Regional banking in Australia, Part 1
Growing grassroots support for an Australia Post public “people’s bank” has the major banks on the run. Intense public interest generated by the unjust ouster of Australia Post CEO Christine Holgate, who saved Australia’s regional banking services by securing a historic deal with the major banks, brought regional banking into the forefront of the public consciousness.
In evidence of the growing political awareness of public support for the issue, Nationals Senator Perrin Davey moved a 26 June 2021 notice of motion in support of regional banking services, which included support for a parliamentary inquiry into the matter. Following this, the 21 October 2021 Australian documented the government’s announcement of the formation of a Regional Banking Task Force, which would “examine the impact of bank branch closures on regional communities and look at how to maintain services in rural Australia”. Although increased scrutiny of the issue is welcome, the history of key task force participants indicates that the public should be alert for narrative management by vested interests. Davey’s taskforce co-chair is Assistant Treasurer Michael Sukkar, who in 2019 spearheaded the government’s attempted cash ban; and the task force includes representatives from the major banks and their lobbyist, the Australian Banking Association (ABA), as key stakeholders.
For decades, regional Australia has suffered from being abandoned by the major banks. For over twenty years, the banks have placated the resulting public anger by making false promises to desperate regional communities, with evidently no intention of following through.
Meticulous research by Dale Webster, former News Corp journalist and founder of a new independent online news service, The Regional, recently revealed the true extent of rural branch closures, which had been concealed for decades by the bank regulator, the Australian Prudential Regulation Authority (APRA), publishing false and distorted bank branch data to shamelessly protect the banks from the ire of the public.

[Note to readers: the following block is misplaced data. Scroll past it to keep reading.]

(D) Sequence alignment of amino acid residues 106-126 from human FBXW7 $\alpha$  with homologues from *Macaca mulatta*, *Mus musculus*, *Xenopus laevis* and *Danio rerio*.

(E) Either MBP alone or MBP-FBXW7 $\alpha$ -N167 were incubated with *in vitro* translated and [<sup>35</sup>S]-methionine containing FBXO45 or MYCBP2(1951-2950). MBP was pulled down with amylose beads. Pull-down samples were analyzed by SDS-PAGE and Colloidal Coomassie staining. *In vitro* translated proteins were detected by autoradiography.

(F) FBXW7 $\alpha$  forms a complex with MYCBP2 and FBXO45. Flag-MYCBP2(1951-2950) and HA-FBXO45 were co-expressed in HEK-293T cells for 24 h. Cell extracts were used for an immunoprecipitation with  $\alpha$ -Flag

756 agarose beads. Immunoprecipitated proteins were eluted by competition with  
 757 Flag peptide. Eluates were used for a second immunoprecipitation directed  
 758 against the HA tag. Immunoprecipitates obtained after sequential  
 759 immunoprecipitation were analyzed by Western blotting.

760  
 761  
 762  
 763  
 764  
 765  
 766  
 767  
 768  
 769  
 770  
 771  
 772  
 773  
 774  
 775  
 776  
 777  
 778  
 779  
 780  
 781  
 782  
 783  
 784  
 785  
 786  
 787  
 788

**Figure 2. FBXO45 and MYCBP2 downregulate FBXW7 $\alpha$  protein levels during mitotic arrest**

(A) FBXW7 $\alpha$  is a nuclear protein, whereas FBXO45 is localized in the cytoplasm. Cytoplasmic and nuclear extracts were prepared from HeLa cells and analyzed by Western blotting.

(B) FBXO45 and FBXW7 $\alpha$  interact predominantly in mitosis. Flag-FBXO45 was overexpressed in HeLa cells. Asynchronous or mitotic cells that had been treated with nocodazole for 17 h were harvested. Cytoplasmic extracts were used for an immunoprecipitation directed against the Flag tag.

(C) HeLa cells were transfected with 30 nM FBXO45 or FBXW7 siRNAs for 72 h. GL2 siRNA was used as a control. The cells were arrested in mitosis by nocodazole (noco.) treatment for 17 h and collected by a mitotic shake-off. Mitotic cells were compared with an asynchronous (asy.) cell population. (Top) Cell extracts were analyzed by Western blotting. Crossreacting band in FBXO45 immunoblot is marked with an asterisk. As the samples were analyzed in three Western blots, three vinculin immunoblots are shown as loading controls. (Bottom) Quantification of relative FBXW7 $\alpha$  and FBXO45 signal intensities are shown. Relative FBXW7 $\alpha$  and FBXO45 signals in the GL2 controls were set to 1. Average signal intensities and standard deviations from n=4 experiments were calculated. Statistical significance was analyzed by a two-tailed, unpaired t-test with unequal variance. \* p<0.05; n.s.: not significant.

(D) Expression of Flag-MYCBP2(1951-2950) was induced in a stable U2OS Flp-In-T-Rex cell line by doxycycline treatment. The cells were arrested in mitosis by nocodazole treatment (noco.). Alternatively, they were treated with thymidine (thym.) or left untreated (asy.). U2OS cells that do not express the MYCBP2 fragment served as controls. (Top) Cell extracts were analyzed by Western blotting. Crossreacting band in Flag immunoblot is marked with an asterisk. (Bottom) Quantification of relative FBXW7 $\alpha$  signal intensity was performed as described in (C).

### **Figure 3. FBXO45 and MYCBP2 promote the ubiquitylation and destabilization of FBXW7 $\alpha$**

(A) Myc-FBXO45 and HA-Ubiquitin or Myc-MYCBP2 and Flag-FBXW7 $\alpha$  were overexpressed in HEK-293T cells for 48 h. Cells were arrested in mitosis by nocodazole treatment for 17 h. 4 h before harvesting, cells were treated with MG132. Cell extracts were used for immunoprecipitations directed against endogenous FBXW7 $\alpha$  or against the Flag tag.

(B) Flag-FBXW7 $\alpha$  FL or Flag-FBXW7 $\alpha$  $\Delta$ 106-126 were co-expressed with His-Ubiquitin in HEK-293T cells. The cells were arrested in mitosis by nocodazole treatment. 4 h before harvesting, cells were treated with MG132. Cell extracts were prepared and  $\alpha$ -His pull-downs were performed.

Regional bank closures predicted
Parliamentary inquiries into regional banking services, such as the 1999 “Regional Banking Services: Money too far away” (Hawker inquiry), chaired by Liberal MP David Hawker; and the 2004 “Money Matters in the Bush: Inquiry into the Level of Banking and Financial Services in Rural, Regional and Remote Areas of Australia”, have found that communities which lose access to traditional face-toface bank branches experience significant social and economic detriment.
Notably, declining access to face-to-face banking services was the result of deliberate government policies; moreover, the instigators of those policies foresaw that they would result in branch closures. Australia’s modern financial regulation was founded on principles developed by the Campbell (1981) and Wallis (1997) inquiries, which were based on the now-discredited “efficient markets theory”, an ideological premise that regulatory intervention should be kept to a minimum because the market would solve all ills. The result was a wave of financial deregulation implemented from the 1980s, which meant that Australia’s banks now operated in a highly competitive global market, and were under increased pressure to improve performance and efficiency.
However, as documented by the Hawker and Money Matters inquiries, it was not until the mid-1990s that the major banks began to seriously “rationalise” their branch network, which was extensive under the formerly highlyregulated system. The escalating “rationalisation” of bank branches coincided with the privatisation of the Commonwealth Bank, which began in 1991 and was completed in three stages. In 1993, the year that the second stage of privatisation was completed, there was an escalation of branch closures. In June 1993 there were 7,065 total bank branches in Australia, but within eight years this number was reduced by almost one third. The number of yearly branch closures rose steeply to 380 in 1996, the same year that the final stage of privatisation was completed. The following year, the Wallis Inquiry’s report was published, and closures hit a yearly peak of 500 branches. In the wake of the Wallis Inquiry, from 1997-2000, there was a particular escalation of branch closures in non-metropolitan areas.